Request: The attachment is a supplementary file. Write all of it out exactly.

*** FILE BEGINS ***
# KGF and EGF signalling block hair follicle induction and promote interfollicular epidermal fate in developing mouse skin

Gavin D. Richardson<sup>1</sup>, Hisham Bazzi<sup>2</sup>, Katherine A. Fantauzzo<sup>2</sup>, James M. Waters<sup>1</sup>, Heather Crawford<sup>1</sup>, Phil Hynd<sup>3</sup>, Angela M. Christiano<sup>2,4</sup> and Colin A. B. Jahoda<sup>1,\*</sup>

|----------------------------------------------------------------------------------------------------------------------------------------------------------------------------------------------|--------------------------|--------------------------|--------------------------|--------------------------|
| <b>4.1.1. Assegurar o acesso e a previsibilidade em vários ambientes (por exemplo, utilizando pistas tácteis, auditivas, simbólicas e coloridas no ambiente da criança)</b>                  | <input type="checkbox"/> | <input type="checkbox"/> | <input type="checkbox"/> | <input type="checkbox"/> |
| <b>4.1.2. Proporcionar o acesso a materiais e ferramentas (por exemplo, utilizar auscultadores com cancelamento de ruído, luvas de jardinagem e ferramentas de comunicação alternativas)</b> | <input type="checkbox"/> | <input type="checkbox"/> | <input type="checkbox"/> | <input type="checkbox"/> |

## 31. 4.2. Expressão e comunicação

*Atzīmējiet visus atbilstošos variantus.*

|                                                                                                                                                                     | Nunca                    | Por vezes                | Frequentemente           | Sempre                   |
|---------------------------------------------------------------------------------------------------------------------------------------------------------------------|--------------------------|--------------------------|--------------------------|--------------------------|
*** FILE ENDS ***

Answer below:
# KGF and EGF signalling block hair follicle induction and promote interfollicular epidermal fate in developing mouse skin

Gavin D. Richardson<sup>1</sup>, Hisham Bazzi<sup>2</sup>, Katherine A. Fantauzzo<sup>2</sup>, James M. Waters<sup>1</sup>, Heather Crawford<sup>1</sup>, Phil Hynd<sup>3</sup>, Angela M. Christiano<sup>2,4</sup> and Colin A. B. Jahoda<sup>1,\*</sup>

|----------------------------------------------------------------------------------------------------------------------------------------------------------------------------------------------|--------------------------|--------------------------|--------------------------|--------------------------|
| <b>4.1.1. Assegurar o acesso e a previsibilidade em vários ambientes (por exemplo, utilizando pistas tácteis, auditivas, simbólicas e coloridas no ambiente da criança)</b>                  | <input type="checkbox"/> | <input type="checkbox"/> | <input type="checkbox"/> | <input type="checkbox"/> |
| <b>4.1.2. Proporcionar o acesso a materiais e ferramentas (por exemplo, utilizar auscultadores com cancelamento de ruído, luvas de jardinagem e ferramentas de comunicação alternativas)</b> | <input type="checkbox"/> | <input type="checkbox"/> | <input type="checkbox"/> | <input type="checkbox"/> |

## 31. 4.2. Expressão e comunicação

*Atzīmējiet visus atbilstošos variantus.*

|                                                                                                                                                                     | Nunca                    | Por vezes                | Frequentemente           | Sempre                   |
|---------------------------------------------------------------------------------------------------------------------------------------------------------------------|--------------------------|--------------------------|--------------------------|--------------------------|